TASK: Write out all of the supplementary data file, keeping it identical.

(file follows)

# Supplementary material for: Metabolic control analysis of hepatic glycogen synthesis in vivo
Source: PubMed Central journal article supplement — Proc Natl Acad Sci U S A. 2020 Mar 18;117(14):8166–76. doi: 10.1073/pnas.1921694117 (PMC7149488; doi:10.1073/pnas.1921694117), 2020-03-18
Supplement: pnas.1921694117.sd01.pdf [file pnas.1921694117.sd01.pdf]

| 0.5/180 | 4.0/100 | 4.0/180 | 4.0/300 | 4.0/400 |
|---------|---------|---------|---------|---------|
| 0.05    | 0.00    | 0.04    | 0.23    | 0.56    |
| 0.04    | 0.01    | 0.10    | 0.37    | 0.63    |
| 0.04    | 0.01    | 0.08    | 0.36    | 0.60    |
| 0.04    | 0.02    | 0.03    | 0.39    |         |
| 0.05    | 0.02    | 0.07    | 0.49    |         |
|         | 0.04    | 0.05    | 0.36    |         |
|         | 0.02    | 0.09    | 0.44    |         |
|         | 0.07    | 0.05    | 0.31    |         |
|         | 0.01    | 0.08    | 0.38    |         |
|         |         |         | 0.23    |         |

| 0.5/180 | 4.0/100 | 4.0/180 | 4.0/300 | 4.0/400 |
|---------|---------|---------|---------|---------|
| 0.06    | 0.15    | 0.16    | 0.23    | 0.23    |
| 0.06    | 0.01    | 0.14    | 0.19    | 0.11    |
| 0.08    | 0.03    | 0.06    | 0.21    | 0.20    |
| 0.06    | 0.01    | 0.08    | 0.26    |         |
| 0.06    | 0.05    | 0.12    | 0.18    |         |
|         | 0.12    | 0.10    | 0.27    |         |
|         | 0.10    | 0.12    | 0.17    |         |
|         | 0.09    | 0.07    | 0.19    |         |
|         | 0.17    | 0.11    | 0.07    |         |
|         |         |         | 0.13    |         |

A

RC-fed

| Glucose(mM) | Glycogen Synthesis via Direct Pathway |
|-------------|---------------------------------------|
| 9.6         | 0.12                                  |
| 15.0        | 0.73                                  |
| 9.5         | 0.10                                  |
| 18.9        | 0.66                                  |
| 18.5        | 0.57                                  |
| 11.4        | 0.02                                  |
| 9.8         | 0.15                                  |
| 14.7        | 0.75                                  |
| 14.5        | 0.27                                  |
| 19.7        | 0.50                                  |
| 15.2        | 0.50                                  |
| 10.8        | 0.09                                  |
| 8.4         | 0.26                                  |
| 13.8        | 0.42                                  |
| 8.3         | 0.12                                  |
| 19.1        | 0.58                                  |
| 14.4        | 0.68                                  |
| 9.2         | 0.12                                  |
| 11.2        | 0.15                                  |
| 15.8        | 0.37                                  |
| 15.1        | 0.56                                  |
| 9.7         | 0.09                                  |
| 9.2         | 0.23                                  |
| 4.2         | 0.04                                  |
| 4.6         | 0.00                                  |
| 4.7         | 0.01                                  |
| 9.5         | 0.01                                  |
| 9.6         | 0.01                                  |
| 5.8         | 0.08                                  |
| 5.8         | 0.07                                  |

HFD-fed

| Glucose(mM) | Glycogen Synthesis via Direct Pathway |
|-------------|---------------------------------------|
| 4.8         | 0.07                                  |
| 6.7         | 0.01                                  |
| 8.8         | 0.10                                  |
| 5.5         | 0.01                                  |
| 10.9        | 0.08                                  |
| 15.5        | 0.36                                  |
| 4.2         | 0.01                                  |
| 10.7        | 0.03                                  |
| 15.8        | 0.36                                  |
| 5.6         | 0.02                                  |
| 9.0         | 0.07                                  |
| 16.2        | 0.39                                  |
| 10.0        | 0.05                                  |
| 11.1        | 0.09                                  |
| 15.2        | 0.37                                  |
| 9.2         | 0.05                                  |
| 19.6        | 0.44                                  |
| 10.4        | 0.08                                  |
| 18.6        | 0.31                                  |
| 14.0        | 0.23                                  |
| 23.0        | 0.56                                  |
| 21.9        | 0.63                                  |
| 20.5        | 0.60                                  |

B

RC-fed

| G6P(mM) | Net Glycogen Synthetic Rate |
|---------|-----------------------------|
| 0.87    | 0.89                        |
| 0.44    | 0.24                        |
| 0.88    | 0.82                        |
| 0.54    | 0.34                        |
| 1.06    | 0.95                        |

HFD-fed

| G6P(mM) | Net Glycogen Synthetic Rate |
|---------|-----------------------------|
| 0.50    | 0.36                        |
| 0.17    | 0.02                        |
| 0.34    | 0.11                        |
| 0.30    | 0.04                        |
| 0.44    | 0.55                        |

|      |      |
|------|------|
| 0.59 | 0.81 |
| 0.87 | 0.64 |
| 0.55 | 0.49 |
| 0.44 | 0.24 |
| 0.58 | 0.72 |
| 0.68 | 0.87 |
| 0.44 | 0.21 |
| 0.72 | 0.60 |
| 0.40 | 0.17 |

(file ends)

# Supplementary material for: Metabolic control analysis of hepatic glycogen synthesis in vivo
Source: PubMed Central journal article supplement — Proc Natl Acad Sci U S A. 2020 Mar 18;117(14):8166–76. doi: 10.1073/pnas.1921694117 (PMC7149488; doi:10.1073/pnas.1921694117), 2020-03-18
Supplement: pnas.1921694117.sd01.pdf [file pnas.1921694117.sd01.pdf]

| 0.5/180 | 4.0/100 | 4.0/180 | 4.0/300 | 4.0/400 |
|---------|---------|---------|---------|---------|
| 0.05    | 0.00    | 0.04    | 0.23    | 0.56    |
| 0.04    | 0.01    | 0.10    | 0.37    | 0.63    |
| 0.04    | 0.01    | 0.08    | 0.36    | 0.60    |
| 0.04    | 0.02    | 0.03    | 0.39    |         |
| 0.05    | 0.02    | 0.07    | 0.49    |         |
|         | 0.04    | 0.05    | 0.36    |         |
|         | 0.02    | 0.09    | 0.44    |         |
|         | 0.07    | 0.05    | 0.31    |         |
|         | 0.01    | 0.08    | 0.38    |         |
|         |         |         | 0.23    |         |

| 0.5/180 | 4.0/100 | 4.0/180 | 4.0/300 | 4.0/400 |
|---------|---------|---------|---------|---------|
| 0.06    | 0.15    | 0.16    | 0.23    | 0.23    |
| 0.06    | 0.01    | 0.14    | 0.19    | 0.11    |
| 0.08    | 0.03    | 0.06    | 0.21    | 0.20    |
| 0.06    | 0.01    | 0.08    | 0.26    |         |
| 0.06    | 0.05    | 0.12    | 0.18    |         |
|         | 0.12    | 0.10    | 0.27    |         |
|         | 0.10    | 0.12    | 0.17    |         |
|         | 0.09    | 0.07    | 0.19    |         |
|         | 0.17    | 0.11    | 0.07    |         |
|         |         |         | 0.13    |         |

A

RC-fed

| Glucose(mM) | Glycogen Synthesis via Direct Pathway |
|-------------|---------------------------------------|
| 9.6         | 0.12                                  |
| 15.0        | 0.73                                  |
| 9.5         | 0.10                                  |
| 18.9        | 0.66                                  |
| 18.5        | 0.57                                  |
| 11.4        | 0.02                                  |
| 9.8         | 0.15                                  |
| 14.7        | 0.75                                  |
| 14.5        | 0.27                                  |
| 19.7        | 0.50                                  |
| 15.2        | 0.50                                  |
| 10.8        | 0.09                                  |
| 8.4         | 0.26                                  |
| 13.8        | 0.42                                  |
| 8.3         | 0.12                                  |
| 19.1        | 0.58                                  |
| 14.4        | 0.68                                  |
| 9.2         | 0.12                                  |
| 11.2        | 0.15                                  |
| 15.8        | 0.37                                  |
| 15.1        | 0.56                                  |
| 9.7         | 0.09                                  |
| 9.2         | 0.23                                  |
| 4.2         | 0.04                                  |
| 4.6         | 0.00                                  |
| 4.7         | 0.01                                  |
| 9.5         | 0.01                                  |
| 9.6         | 0.01                                  |
| 5.8         | 0.08                                  |
| 5.8         | 0.07                                  |

HFD-fed

| Glucose(mM) | Glycogen Synthesis via Direct Pathway |
|-------------|---------------------------------------|
| 4.8         | 0.07                                  |
| 6.7         | 0.01                                  |
| 8.8         | 0.10                                  |
| 5.5         | 0.01                                  |
| 10.9        | 0.08                                  |
| 15.5        | 0.36                                  |
| 4.2         | 0.01                                  |
| 10.7        | 0.03                                  |
| 15.8        | 0.36                                  |
| 5.6         | 0.02                                  |
| 9.0         | 0.07                                  |
| 16.2        | 0.39                                  |
| 10.0        | 0.05                                  |
| 11.1        | 0.09                                  |
| 15.2        | 0.37                                  |
| 9.2         | 0.05                                  |
| 19.6        | 0.44                                  |
| 10.4        | 0.08                                  |
| 18.6        | 0.31                                  |
| 14.0        | 0.23                                  |
| 23.0        | 0.56                                  |
| 21.9        | 0.63                                  |
| 20.5        | 0.60                                  |

B

RC-fed

| G6P(mM) | Net Glycogen Synthetic Rate |
|---------|-----------------------------|
| 0.87    | 0.89                        |
| 0.44    | 0.24                        |
| 0.88    | 0.82                        |
| 0.54    | 0.34                        |
| 1.06    | 0.95                        |

HFD-fed

| G6P(mM) | Net Glycogen Synthetic Rate |
|---------|-----------------------------|
| 0.50    | 0.36                        |
| 0.17    | 0.02                        |
| 0.34    | 0.11                        |
| 0.30    | 0.04                        |
| 0.44    | 0.55                        |

|      |      |
|------|------|
| 0.59 | 0.81 |
| 0.87 | 0.64 |
| 0.55 | 0.49 |
| 0.44 | 0.24 |
| 0.58 | 0.72 |
| 0.68 | 0.87 |
| 0.44 | 0.21 |
| 0.72 | 0.60 |
| 0.40 | 0.17 |